The Taliban government in Afghanistan told the United Nations that it will make decisions based on religious values and won’t allow outside interference in the country’s affairs. This comes in response to a report from the U.N. suggesting ways to deal with the crisis in Afghanistan under Taliban rule.
The report suggested that the world should recognize the Taliban as the legitimate government if they follow international obligations, including giving women more rights. However, the Taliban rejected this idea, stating that they will consider the country’s religious values and won’t let anyone interfere.
Since the Taliban took control two years ago, they have stopped girls from going to school after the sixth grade, prevented many women from working, closed beauty salons, and restricted women’s activities. The Taliban insists that their rules align with local culture and Islamic law, but many people in Afghanistan and other Muslim-majority countries disagree.
The U.N. report emphasized the importance of allowing Afghan women to participate in the country’s development and recommended a national dialogue involving all Afghan stakeholders to establish inclusive governance and achieve lasting peace and economic development.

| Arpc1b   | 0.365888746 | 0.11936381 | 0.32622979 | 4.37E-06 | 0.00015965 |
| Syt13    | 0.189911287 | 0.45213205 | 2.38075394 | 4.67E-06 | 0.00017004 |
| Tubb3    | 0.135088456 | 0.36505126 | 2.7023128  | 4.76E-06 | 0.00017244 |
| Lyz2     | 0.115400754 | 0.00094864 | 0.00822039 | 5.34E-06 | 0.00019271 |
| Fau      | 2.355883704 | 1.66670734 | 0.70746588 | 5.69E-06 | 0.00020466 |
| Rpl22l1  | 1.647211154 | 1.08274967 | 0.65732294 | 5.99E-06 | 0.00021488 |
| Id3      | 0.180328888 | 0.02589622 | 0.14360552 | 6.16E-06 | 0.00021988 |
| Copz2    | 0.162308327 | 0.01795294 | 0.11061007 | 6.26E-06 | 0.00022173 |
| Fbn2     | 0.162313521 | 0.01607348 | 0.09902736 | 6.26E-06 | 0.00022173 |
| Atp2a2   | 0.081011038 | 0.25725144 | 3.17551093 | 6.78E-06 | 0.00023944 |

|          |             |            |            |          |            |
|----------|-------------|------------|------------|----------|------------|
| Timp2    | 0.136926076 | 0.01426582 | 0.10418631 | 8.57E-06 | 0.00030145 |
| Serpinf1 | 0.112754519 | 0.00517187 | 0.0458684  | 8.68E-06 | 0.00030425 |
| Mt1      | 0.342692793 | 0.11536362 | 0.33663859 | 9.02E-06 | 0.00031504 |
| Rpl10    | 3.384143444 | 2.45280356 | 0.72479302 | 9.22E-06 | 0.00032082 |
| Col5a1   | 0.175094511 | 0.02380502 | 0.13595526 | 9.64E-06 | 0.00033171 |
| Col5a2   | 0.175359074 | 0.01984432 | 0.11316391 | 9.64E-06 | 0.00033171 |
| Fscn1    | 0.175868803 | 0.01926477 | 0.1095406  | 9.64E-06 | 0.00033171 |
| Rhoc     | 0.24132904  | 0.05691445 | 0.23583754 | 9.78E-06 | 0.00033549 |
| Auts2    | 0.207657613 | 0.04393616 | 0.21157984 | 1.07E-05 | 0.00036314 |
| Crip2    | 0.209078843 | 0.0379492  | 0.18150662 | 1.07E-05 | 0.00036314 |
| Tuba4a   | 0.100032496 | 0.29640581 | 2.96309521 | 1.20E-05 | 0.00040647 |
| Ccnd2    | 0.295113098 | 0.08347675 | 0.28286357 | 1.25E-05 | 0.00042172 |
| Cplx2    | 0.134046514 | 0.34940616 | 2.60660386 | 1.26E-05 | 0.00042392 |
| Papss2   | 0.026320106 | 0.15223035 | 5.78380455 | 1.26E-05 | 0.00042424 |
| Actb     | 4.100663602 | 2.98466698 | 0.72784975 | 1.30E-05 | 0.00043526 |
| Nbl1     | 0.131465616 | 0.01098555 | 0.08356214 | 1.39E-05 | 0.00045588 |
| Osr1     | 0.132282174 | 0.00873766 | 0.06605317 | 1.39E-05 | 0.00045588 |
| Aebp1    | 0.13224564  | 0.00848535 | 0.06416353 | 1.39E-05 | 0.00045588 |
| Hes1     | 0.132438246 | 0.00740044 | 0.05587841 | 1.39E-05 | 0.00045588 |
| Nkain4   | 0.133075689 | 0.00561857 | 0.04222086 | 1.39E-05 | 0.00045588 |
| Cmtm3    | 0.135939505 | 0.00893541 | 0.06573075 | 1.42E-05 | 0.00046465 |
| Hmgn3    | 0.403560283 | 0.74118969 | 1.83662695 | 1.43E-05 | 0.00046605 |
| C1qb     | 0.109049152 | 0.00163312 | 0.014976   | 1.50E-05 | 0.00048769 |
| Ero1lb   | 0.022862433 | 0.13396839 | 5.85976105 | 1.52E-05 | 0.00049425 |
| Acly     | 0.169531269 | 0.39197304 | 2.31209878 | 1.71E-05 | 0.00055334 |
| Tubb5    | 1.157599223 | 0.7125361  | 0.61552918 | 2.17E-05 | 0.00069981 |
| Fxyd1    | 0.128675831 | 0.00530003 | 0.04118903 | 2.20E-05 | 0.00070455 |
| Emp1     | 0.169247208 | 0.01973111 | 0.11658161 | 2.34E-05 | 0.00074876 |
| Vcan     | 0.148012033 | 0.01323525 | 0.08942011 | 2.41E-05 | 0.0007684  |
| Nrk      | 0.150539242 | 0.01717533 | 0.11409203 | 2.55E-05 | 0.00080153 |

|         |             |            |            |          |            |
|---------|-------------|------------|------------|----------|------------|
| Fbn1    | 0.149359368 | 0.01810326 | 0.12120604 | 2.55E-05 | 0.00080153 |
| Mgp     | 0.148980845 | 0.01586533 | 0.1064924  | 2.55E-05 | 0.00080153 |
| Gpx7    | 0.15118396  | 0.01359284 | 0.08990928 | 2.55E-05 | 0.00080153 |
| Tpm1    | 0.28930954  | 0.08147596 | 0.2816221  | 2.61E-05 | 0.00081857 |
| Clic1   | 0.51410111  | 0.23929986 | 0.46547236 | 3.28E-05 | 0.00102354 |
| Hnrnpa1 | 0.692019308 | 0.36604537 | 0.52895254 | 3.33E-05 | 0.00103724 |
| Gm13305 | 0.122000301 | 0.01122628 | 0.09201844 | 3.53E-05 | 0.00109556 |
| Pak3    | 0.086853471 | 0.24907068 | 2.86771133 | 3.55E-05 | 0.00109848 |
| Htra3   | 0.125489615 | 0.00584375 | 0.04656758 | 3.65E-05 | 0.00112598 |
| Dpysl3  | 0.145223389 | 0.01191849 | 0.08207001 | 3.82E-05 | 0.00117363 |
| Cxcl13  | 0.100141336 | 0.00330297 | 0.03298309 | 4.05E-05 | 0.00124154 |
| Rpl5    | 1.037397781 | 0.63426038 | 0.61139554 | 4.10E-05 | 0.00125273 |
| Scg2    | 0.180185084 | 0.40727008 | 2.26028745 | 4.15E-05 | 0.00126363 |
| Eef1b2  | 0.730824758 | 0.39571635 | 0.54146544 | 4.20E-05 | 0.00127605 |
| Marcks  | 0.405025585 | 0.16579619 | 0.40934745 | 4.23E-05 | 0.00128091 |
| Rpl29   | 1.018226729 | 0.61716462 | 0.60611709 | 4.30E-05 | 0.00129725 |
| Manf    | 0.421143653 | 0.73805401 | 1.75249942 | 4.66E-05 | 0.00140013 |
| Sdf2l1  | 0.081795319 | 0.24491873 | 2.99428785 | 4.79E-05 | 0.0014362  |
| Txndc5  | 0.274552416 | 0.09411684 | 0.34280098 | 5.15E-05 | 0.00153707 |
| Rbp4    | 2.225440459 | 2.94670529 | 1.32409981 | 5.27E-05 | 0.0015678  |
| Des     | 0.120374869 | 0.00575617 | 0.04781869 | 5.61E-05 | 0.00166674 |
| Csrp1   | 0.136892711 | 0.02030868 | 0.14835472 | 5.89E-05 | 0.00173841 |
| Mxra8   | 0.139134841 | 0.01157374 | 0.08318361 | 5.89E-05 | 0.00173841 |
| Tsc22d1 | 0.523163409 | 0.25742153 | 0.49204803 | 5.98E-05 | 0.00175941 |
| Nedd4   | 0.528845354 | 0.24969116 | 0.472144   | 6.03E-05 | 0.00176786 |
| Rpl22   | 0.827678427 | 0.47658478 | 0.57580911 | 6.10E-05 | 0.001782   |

The Taliban accepted some recommendations, like strengthening the economy and promoting regional connectivity. However, they rejected the idea of an intra-Afghan dialogue and dismissed concerns about the government’s ability to address security, economic, and humanitarian challenges.
The Taliban claimed to have improved security, eliminated opium cultivation, and rescued the national economy despite sanctions. They also said that Afghan women have basic rights, with a significant number in civil service and leadership roles.
The U.N. has highlighted a humanitarian crisis in Afghanistan that has worsened since the Taliban took over, with two-thirds of the population needing aid due to years of war and natural disasters.